The Genius of America: How the Constitution Saved Our Country--and Why It Can Again available in Paperback
- Pub. Date:
- Bloomsbury USA
Due to a combination of heightened frustration, moves to skirt the constitutional process, and a widespread disconnect between the people and their constitutional "conscience," Lane and Oreskes warn us our longstanding Democracy is at risk. Together, they examine the Constitution's history relative to this current crisis, from its framing to its centuries-long success, including during some of the country's most turbulent and contentious times, and challenge us to let this great document work as it was designed-valuing political process over product. They hold our leaders accountable, calling on them to stop fanning the flames of division and to respect their institutional roles. In the final assessment, The Genius of America asks us to lean on the framers and their experience to secure our country's wellbeing.
|Product dimensions:||5.00(w) x 7.70(h) x 1.00(d)|
About the Author
Eric Lane is a professor of law at Hofstra University School of Law, senior fellow at the Brennan Center for Justice, and the author of several texts on government. He has served as director of the New York State Commission on Constitutional Revision, as director of the New York City Charter Revision Commission, and as counsel to the New York State Senate Democrats. Michael Oreskes is the executive editor of the International Herald Tribune. He has served as deputy managing editor, Washington bureau chief, metropolitan editor, and national political correspondent for the New York Times.
Table of Contents
Introduction: An Extraordinary Accomplishment 1 Part 1 The Invention
1 The More Fatal Problem Lies Among the People Themselves 21
2 Approaching So Near to Perfection as It Does 48
3 That Poor Little Thing-the Expression We the People 80 Part 2 Thank God, It Worked
4 To Meet Extraordinary Needs 103
5 The Right to Alter the Established Constitution 123 Part 3 The Challenge
6 A Mandate for Vigorous Action 147
7 Government Is Not the Solution, Government Is the Problem 174 Conclusion: We 199 Appendix The Constitution of the United States of America 223 Acknowledgments 253 Abbreviations and Bibliography 257 Notes 269 Index 283
Most Helpful Customer Reviews
The Genius of America by Eric Lane and Michael Oreskes examines the foundation of our constitutional government in a concise and compelling manner. Throughout this work, the authors refer to our ¿Constitutional Conscience¿ as a vital component of the American political system. Democracy in and of itself will not protect the rights of citizens. A constitution in and of itself will not preserve democracy. Germany was a constitutional democracy in 1933, when Adolf Hitler came to power.In 1787, our founding fathers ingeniously created an entirely new form of democracy--one designed to protect minorities from majority rule and majorities from minority rule. Checks and balances between three branches of government keep any one branch from obtaining too much power. While our system is slow and often leads to frustrating stalemates, it requires that people work together to produce results. Such a government has built-in impediments against militant groups who might take control at the expense of other citizens. In other words, the very machinery that makes governmental change so maddeningly slow preserves our freedom.Lane and Oreskes clearly explain challenges our Constitution has faced over the years, such as Proposition 13, which allowed the 50% of Californians who voted to make a sweeping decision for the entire state on tax revenues. Direct democracy doesn¿t always provide a centrist approach. This is something our founding fathers understood when they wrote the Constitution.In closing, the authors called for more Civics Education for our young people. If there are flaws in our government and changes are needed, they must be made with a solid understanding of what we already have. Reading The Genius of America has reaffirmed my admiration for our uniquely American democracy and inspired me in my own efforts to promote Constitution Day activities on September 17th.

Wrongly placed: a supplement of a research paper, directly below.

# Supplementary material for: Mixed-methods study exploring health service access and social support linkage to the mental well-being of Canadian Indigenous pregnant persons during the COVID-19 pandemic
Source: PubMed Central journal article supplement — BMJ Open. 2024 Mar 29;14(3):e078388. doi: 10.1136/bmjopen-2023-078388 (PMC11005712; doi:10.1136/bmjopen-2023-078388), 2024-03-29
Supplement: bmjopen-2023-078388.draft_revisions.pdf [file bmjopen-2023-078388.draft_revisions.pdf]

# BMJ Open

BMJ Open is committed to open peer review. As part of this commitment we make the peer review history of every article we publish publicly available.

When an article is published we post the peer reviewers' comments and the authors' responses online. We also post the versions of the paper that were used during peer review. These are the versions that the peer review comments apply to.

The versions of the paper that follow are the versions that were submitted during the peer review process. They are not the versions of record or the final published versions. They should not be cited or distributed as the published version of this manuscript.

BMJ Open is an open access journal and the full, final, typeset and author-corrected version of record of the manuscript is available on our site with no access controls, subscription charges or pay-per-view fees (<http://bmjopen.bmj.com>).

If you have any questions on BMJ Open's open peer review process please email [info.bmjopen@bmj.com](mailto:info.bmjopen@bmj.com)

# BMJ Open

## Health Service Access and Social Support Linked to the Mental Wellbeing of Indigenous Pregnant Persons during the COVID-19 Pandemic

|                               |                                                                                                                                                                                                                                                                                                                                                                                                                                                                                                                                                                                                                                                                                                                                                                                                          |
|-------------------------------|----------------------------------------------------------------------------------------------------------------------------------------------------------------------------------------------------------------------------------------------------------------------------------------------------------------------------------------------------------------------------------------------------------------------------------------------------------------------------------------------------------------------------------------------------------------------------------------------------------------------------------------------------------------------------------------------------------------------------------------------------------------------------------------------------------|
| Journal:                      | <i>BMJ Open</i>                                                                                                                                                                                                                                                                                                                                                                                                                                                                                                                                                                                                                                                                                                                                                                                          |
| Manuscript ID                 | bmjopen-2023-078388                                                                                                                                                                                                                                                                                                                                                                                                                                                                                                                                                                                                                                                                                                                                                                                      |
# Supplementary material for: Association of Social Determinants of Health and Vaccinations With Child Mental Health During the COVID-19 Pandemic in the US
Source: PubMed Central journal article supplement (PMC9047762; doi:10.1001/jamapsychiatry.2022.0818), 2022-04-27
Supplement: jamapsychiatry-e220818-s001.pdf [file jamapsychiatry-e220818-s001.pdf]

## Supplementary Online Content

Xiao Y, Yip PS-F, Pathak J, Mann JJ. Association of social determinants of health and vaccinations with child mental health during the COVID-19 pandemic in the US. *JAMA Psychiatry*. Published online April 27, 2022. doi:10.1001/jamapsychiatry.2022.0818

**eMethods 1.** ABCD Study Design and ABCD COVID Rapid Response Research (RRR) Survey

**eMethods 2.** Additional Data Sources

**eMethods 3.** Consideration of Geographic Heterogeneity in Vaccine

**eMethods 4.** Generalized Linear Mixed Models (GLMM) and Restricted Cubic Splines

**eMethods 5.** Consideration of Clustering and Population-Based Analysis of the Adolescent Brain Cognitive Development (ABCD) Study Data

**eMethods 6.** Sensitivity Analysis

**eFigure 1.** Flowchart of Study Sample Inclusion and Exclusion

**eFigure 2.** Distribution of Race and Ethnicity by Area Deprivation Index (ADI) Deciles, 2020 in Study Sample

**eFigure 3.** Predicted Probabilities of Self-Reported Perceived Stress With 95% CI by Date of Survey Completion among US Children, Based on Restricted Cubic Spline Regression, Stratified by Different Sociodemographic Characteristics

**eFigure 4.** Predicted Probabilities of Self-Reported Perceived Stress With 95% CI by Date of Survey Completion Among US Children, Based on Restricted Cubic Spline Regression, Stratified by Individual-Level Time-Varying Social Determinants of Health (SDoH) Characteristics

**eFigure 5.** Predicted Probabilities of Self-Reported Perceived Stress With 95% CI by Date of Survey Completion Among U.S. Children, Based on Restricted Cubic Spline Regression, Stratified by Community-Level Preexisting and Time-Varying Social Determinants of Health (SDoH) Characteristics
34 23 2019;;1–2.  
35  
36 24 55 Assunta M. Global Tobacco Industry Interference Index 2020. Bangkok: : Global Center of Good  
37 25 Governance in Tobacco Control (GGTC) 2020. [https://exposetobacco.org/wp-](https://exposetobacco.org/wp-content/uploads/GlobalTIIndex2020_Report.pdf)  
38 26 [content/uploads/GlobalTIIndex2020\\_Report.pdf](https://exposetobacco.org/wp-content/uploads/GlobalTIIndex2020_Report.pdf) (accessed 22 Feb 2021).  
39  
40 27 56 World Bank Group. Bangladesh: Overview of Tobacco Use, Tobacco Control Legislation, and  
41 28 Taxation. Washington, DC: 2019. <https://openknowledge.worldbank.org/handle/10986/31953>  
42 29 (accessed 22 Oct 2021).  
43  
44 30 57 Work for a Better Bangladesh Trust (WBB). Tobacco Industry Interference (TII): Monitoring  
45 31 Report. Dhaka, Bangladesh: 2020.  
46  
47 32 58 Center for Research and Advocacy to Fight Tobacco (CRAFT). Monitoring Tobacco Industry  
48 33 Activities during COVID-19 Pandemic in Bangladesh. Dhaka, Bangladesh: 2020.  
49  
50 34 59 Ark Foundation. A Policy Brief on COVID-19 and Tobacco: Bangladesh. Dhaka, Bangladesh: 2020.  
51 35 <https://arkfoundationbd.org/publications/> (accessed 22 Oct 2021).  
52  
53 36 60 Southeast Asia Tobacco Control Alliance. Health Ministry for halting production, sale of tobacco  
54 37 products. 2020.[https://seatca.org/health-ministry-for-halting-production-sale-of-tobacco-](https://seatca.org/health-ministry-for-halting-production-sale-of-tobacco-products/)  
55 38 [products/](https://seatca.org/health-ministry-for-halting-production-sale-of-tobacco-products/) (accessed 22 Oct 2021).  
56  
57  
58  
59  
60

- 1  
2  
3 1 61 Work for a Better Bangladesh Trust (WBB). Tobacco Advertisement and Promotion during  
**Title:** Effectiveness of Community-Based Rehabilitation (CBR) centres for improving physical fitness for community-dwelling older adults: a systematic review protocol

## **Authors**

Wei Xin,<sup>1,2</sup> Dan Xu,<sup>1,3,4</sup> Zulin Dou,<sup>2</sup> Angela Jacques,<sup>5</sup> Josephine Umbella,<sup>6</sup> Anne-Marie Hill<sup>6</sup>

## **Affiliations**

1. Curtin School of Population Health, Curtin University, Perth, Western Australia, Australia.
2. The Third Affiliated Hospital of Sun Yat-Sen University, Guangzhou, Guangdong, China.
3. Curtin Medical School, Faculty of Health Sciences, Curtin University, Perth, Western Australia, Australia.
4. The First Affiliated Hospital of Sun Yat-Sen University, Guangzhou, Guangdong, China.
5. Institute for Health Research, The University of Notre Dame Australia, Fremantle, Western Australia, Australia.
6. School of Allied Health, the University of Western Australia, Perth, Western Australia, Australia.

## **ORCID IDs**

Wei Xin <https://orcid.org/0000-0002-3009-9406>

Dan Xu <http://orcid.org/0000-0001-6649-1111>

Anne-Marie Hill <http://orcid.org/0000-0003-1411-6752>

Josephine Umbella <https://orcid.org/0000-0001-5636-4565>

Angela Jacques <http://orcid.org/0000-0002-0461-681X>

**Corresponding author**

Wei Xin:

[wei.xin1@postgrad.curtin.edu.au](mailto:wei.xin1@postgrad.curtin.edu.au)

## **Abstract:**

Your political affiliation doesn't matter. This is an excellent civics lesson for all.